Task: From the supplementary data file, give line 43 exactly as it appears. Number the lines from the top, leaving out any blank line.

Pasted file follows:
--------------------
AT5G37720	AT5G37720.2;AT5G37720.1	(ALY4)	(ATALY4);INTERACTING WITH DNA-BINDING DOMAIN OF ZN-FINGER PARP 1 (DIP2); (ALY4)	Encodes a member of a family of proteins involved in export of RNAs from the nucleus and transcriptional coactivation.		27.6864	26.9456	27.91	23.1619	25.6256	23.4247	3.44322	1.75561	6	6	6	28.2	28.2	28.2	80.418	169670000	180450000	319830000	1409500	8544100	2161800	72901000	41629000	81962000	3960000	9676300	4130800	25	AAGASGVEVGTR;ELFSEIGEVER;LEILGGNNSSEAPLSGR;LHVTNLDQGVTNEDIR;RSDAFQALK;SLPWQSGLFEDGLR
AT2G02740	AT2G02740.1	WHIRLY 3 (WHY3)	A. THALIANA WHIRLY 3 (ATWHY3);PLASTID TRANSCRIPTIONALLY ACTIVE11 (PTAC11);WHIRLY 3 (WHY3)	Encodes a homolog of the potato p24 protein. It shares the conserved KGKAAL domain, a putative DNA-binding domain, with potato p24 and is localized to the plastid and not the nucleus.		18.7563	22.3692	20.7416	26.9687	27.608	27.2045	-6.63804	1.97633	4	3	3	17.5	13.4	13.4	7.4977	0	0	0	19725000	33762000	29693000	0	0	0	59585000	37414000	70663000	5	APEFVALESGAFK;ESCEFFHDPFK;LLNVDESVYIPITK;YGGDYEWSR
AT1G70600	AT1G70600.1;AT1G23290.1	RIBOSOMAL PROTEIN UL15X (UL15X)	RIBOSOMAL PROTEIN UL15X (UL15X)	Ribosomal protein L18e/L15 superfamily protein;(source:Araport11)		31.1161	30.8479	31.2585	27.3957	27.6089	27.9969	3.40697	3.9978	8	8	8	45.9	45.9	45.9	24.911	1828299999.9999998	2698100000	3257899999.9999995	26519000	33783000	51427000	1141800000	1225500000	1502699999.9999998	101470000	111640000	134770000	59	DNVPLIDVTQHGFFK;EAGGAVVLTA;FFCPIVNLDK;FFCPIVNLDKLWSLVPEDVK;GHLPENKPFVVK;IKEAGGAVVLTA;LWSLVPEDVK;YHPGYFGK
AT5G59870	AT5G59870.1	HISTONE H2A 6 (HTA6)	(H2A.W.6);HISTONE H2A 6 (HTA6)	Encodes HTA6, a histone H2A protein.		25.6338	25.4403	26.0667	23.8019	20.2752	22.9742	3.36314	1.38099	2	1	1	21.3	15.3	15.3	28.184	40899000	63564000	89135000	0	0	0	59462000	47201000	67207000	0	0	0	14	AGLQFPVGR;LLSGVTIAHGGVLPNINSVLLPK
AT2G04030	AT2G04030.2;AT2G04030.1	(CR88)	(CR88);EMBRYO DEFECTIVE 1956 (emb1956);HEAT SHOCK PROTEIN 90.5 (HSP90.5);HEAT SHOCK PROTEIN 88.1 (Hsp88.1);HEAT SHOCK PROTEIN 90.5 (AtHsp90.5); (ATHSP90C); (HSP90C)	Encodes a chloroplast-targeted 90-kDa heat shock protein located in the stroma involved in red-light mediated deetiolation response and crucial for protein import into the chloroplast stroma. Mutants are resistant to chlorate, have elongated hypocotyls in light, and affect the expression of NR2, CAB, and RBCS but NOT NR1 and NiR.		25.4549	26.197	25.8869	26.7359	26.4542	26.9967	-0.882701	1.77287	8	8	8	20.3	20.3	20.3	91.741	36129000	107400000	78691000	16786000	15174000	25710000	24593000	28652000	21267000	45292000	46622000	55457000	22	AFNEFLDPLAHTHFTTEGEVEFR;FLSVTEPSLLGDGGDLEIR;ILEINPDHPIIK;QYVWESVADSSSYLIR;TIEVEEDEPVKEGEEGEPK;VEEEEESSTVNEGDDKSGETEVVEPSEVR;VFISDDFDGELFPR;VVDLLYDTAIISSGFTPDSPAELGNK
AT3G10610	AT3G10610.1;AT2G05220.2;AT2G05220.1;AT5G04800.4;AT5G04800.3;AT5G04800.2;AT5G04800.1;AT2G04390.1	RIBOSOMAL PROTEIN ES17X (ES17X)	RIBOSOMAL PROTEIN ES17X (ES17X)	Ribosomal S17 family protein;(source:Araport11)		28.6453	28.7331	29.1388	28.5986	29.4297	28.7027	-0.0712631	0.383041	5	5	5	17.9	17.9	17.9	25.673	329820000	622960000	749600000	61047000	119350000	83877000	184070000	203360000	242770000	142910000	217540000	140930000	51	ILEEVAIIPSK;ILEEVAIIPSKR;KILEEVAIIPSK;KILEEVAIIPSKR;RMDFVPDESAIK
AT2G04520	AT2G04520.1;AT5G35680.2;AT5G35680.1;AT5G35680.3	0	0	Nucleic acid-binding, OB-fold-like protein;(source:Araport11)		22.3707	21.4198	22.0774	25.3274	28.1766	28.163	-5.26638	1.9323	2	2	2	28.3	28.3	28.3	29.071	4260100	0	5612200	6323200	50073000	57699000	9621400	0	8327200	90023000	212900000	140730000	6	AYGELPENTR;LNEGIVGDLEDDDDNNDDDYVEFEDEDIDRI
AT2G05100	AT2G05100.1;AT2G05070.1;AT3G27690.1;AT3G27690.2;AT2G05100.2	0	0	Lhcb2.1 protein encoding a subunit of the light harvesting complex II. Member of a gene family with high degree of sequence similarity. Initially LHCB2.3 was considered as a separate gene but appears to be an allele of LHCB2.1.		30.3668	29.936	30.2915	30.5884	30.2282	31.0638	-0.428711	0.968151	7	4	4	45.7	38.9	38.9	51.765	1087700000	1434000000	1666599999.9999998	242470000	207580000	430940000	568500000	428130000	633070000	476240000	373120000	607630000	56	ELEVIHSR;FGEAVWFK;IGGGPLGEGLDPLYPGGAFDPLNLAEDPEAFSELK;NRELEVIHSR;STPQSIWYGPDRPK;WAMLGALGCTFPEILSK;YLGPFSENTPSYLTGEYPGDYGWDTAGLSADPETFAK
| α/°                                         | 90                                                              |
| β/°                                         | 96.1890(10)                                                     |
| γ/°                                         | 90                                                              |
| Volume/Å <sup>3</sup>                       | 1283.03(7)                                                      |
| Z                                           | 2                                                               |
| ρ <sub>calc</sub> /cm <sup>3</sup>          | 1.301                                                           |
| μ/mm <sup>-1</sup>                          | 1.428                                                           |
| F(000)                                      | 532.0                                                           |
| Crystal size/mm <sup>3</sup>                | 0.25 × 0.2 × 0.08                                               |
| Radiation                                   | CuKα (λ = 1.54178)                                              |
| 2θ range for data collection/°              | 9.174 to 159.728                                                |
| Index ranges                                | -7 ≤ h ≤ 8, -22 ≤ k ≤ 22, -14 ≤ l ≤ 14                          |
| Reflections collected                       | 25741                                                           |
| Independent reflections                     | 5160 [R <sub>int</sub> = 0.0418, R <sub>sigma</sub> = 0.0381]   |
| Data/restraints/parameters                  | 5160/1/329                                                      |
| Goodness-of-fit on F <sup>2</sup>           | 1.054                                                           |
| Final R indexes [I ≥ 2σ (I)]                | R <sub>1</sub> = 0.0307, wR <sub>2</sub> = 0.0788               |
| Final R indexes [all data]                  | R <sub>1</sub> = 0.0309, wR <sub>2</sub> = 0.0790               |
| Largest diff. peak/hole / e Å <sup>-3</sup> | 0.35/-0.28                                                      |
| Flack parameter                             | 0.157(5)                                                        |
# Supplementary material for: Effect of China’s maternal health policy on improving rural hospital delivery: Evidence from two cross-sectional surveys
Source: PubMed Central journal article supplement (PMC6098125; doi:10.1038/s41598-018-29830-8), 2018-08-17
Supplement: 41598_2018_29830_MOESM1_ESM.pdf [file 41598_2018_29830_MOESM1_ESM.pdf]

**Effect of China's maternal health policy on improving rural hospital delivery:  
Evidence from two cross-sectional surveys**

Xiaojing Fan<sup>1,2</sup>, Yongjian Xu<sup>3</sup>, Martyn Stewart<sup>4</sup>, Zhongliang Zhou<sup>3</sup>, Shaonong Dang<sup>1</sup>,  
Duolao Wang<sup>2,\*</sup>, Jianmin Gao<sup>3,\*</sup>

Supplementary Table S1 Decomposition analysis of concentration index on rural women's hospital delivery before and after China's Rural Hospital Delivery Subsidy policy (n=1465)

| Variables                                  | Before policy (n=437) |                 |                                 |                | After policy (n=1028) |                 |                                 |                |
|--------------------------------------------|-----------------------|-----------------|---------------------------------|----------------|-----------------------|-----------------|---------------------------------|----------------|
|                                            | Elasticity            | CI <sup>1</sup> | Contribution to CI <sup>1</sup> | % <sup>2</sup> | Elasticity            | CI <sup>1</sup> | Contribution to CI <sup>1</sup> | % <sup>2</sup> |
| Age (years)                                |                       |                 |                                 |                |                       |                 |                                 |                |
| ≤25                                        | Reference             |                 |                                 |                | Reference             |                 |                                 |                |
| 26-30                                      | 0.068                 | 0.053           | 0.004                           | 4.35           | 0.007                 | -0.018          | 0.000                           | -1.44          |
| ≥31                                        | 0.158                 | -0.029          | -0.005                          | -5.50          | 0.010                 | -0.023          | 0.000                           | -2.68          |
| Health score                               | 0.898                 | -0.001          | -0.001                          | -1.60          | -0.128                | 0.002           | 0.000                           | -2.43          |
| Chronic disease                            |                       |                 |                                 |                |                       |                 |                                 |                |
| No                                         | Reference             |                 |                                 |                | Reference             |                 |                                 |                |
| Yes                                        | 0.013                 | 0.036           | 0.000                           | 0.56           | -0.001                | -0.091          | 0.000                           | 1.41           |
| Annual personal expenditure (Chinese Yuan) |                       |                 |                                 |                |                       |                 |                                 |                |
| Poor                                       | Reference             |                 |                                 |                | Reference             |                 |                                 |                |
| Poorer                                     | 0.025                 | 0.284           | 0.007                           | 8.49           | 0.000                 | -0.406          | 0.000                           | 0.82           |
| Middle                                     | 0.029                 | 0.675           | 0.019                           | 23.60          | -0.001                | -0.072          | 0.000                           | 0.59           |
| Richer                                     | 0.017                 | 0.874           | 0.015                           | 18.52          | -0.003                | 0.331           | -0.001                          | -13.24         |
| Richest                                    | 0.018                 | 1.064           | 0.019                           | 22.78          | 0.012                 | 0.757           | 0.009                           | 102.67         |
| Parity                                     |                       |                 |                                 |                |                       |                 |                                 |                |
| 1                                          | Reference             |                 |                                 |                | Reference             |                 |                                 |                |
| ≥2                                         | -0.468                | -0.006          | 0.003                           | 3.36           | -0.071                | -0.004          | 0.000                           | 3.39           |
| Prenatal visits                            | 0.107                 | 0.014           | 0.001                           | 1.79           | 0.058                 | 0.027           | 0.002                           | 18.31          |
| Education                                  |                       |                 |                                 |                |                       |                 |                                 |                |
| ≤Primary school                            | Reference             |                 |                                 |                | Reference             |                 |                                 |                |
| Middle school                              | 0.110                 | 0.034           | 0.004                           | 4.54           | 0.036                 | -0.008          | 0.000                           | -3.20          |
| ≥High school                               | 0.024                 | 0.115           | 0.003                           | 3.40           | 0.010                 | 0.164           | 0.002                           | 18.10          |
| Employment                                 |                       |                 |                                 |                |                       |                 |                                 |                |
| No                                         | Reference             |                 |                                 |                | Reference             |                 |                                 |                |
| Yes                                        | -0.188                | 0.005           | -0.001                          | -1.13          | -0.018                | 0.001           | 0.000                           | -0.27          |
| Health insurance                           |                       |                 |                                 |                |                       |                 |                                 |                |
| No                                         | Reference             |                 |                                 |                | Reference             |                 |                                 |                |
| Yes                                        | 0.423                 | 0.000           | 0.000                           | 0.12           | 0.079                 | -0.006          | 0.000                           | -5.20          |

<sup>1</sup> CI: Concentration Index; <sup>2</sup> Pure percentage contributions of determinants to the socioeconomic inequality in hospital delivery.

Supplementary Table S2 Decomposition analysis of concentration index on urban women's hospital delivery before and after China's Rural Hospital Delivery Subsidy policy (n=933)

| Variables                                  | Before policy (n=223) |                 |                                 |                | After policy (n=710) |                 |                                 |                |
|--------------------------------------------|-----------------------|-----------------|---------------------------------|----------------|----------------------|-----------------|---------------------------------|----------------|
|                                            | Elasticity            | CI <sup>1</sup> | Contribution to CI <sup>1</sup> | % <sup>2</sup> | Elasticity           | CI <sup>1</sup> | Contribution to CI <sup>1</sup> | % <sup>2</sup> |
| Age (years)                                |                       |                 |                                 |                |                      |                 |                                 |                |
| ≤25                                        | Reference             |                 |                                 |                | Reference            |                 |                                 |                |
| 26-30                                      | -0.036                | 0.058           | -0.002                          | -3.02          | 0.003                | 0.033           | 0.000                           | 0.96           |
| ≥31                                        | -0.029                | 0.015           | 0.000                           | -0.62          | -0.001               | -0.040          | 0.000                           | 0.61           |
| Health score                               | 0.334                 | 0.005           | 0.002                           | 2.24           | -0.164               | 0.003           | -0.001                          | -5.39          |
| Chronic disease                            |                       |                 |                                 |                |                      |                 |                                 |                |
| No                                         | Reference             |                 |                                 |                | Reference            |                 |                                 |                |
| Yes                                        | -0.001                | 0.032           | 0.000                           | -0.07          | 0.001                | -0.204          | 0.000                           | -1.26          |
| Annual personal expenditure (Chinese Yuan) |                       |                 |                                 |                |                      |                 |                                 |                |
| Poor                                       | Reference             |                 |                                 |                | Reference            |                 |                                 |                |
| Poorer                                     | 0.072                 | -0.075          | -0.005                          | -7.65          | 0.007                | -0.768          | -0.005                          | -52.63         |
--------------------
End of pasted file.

| ≥31                                        | 0.158                 | -0.029          | -0.005                          | -5.50          | 0.010                 | -0.023          | 0.000                           | -2.68          |